Genetics of Eye Color
In 1907, Charles and Gertrude Davenport developed a model for the genetics of eye color. They suggested that brown eye color is dominant over blue eye color. This would mean that two blue-eyed parents would always produce blue-eyed children but never ones with brown eyes. For most of the past 100 years, this version of eye color genetics has been taught in classrooms around the world. It is one of the few genetic concepts that adults often recall from their high school or college biology classes. Unfortunately, this model is overly simplistic and incorrect – eye color is actually controlled by several genes.
In humans, eye color depends on the level of a pigment called melanin present in the iris. Melanin is produced and stored inside specialized cells known as melanocytes. Blue eyes contain minimal amounts of melanin. Irises from green–hazel eyes show moderate pigment levels, while brown eyes are the result of high melanin concentrations.
To date, eight genes that impact eye color have been identified. The OCA2 gene, located on chromosome 15, appears to play the major role in controlling the brown/blue color spectrum. OCA2 produces a protein called P-protein that is involved in the formation and processing of melanin. OCA2 alleles (versions of the gene) related to eye color alter P-protein levels by controlling the amount of OCA2 RNA that is generated. The allele that results in high levels of P-protein is linked to brown eyes. Another allele, associated with blue eye color, dramatically reduces the P-protein concentration.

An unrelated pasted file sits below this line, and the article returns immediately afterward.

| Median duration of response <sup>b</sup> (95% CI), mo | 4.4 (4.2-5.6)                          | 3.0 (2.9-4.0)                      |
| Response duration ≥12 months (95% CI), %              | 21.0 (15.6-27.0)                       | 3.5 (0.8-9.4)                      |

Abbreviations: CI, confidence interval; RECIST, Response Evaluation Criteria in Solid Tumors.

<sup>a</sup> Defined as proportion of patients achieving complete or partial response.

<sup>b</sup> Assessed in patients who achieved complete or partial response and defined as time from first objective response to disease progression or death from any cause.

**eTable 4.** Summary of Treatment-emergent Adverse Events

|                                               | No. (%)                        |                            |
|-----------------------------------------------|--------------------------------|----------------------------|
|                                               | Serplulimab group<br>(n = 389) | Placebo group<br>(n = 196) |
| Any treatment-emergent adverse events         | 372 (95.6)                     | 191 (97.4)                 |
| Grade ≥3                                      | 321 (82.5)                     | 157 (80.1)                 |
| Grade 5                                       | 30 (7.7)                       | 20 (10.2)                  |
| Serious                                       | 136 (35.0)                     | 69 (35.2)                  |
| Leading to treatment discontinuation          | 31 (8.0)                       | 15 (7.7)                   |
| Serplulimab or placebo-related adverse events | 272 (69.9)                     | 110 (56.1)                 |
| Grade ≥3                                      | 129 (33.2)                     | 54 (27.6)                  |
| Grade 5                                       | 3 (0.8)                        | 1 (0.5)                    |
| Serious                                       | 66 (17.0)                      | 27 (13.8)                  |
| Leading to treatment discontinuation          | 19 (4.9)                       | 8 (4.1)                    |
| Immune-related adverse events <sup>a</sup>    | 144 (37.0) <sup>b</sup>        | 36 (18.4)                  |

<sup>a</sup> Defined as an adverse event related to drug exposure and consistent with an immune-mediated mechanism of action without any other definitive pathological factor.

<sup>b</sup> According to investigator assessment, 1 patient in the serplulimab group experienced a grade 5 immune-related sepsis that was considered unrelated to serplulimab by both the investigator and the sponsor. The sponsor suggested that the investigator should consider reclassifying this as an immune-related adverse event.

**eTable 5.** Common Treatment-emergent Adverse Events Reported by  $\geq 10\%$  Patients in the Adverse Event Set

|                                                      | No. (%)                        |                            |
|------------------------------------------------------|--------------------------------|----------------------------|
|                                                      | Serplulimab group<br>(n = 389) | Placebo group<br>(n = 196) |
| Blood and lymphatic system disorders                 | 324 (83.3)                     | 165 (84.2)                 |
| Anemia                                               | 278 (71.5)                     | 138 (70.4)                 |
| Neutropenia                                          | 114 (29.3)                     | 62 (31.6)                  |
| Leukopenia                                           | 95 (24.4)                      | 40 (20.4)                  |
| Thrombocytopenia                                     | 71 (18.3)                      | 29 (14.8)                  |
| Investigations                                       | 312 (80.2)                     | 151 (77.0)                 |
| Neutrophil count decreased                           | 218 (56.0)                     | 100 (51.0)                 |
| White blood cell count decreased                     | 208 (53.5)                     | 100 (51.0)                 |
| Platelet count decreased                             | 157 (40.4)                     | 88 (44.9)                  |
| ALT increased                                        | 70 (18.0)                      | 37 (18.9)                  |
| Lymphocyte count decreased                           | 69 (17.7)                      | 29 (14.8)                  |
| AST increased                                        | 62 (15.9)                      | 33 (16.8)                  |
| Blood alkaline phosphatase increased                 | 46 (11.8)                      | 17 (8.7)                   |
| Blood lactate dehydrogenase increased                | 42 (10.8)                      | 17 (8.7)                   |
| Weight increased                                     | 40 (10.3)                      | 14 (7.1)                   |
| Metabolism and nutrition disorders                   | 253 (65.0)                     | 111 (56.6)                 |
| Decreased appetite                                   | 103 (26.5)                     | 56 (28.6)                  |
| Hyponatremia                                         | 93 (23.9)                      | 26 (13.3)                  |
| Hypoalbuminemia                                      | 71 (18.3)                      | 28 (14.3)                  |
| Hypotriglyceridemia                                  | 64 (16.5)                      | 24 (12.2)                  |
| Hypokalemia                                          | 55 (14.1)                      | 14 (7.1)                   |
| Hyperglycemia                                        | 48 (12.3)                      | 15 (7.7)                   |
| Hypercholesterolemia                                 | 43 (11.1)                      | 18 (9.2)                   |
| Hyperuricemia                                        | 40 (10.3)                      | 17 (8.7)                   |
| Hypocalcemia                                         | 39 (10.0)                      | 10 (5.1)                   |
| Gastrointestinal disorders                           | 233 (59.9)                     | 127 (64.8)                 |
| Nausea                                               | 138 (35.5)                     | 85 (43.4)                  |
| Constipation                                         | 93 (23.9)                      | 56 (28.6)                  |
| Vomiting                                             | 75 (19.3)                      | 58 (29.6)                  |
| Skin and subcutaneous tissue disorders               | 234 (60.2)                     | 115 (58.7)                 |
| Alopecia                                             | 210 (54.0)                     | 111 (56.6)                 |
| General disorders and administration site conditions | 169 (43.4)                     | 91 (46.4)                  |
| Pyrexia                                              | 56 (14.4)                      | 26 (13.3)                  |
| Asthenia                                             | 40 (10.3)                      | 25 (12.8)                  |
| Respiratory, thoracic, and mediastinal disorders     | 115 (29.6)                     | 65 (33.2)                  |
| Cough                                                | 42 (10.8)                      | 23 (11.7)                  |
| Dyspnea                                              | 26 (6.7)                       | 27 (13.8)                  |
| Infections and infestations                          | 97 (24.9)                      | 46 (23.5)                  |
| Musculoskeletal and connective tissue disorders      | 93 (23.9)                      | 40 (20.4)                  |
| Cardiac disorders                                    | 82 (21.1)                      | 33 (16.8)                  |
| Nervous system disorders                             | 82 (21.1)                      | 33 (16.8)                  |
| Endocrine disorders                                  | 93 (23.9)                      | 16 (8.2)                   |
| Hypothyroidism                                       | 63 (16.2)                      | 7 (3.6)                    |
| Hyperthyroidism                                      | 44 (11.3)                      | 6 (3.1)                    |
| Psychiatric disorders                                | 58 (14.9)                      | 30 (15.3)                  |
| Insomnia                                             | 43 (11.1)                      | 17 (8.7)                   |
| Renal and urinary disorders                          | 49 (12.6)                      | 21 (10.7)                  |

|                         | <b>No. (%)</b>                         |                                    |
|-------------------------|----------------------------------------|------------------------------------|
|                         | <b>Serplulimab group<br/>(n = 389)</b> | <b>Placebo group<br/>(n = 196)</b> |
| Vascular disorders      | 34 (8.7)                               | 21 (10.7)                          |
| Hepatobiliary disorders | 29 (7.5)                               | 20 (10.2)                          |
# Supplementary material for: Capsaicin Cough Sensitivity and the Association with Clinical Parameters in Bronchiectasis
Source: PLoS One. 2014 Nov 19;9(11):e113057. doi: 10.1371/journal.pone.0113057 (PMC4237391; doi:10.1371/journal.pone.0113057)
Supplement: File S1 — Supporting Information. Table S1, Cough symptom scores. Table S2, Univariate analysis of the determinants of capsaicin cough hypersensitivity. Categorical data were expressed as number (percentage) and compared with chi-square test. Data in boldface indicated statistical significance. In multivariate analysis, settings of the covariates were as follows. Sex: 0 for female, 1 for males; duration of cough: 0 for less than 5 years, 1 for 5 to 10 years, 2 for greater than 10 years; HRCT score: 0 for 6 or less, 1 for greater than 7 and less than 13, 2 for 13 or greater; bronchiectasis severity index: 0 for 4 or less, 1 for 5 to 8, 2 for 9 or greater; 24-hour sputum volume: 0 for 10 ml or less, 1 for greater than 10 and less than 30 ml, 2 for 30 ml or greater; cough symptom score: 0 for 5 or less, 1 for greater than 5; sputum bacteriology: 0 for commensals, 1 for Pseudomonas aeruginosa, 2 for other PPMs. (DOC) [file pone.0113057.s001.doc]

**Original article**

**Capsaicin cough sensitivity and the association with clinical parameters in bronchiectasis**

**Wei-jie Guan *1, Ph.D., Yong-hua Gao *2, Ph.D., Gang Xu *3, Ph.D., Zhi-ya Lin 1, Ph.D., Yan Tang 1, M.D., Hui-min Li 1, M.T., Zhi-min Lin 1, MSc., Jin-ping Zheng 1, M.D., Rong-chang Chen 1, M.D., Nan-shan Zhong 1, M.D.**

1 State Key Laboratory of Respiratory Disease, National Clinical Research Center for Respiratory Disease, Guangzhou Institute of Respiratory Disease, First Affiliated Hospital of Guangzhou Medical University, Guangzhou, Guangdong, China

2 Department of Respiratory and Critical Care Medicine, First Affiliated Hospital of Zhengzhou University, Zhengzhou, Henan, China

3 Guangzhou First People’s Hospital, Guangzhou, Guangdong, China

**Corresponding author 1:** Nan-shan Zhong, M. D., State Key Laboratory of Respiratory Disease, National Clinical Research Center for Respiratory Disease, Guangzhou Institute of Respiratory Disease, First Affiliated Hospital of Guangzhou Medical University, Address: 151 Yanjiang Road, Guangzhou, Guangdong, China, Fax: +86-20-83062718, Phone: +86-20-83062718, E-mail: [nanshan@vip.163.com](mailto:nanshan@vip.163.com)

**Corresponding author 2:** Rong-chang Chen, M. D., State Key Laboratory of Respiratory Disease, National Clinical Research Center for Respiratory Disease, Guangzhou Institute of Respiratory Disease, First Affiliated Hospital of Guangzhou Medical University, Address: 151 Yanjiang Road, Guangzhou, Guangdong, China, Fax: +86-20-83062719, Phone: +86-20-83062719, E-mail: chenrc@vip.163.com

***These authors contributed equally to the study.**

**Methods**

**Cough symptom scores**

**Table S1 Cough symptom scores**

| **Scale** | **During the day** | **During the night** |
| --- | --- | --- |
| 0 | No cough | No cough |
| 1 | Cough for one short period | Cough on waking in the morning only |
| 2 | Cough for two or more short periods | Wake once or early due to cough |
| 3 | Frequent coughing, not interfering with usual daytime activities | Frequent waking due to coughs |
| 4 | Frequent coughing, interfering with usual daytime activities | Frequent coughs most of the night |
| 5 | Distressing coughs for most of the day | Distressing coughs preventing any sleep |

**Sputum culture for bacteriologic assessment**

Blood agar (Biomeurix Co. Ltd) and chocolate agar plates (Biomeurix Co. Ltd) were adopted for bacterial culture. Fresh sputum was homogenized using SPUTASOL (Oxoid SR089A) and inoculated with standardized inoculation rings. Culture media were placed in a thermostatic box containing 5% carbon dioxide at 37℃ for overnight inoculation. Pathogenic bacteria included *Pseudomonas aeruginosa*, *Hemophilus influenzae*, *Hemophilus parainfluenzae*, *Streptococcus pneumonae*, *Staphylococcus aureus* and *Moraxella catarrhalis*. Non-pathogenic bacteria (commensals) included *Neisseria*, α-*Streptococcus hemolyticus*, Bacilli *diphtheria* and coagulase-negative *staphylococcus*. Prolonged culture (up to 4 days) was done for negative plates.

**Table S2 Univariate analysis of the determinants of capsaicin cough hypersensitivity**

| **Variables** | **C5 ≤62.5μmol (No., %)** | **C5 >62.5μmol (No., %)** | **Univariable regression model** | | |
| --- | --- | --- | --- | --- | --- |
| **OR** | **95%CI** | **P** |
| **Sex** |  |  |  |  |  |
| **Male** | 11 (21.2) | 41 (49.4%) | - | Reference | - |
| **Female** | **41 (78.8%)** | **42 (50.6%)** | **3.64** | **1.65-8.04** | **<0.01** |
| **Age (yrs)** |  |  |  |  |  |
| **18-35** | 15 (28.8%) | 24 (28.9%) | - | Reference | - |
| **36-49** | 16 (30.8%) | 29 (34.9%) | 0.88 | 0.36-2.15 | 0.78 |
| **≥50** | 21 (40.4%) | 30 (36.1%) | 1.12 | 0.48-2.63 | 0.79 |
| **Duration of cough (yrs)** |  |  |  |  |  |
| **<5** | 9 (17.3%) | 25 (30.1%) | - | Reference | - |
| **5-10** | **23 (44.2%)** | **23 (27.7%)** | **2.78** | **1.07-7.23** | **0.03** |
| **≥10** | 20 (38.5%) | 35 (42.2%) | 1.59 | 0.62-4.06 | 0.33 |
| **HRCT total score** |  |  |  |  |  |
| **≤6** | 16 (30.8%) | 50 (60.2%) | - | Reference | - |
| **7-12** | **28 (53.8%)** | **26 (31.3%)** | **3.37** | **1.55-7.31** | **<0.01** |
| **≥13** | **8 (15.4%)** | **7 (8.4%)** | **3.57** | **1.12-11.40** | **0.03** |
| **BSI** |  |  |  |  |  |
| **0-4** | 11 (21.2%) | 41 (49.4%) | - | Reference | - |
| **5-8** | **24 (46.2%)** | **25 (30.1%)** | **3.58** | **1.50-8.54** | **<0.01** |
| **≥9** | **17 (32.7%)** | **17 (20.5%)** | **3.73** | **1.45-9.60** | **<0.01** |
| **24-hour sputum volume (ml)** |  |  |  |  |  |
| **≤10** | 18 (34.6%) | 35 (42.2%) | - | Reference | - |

While studies suggest that about three-fourths of the eye color variation can be explained by genetic changes in and around OCA2, it is not the only genetic influence on color. A recent study that compared eye color to OCA2 status showed that only 62% of individuals with two copies of the blue eyed OCA2 allele actually had blue eyes. Blue eye color was also found among 7.5% of the individuals with the brown-eyed OCA2 alleles. A number of other genes (such as TYRP1, ASIP and SLC45A2) also function in the melanin pathway and shift the total amount of melanin present in the iris. The combined efforts of these genes may boost melanin levels to produce hazel or brown eyes or reduce total melanin resulting in blue eyes. This explains how two parents with blue eyes can have green or brown eyed children (an impossible situation under the Davenport single gene model). The combination of color alleles received by the child resulted in a greater amount of melanin than either parent individually possessed.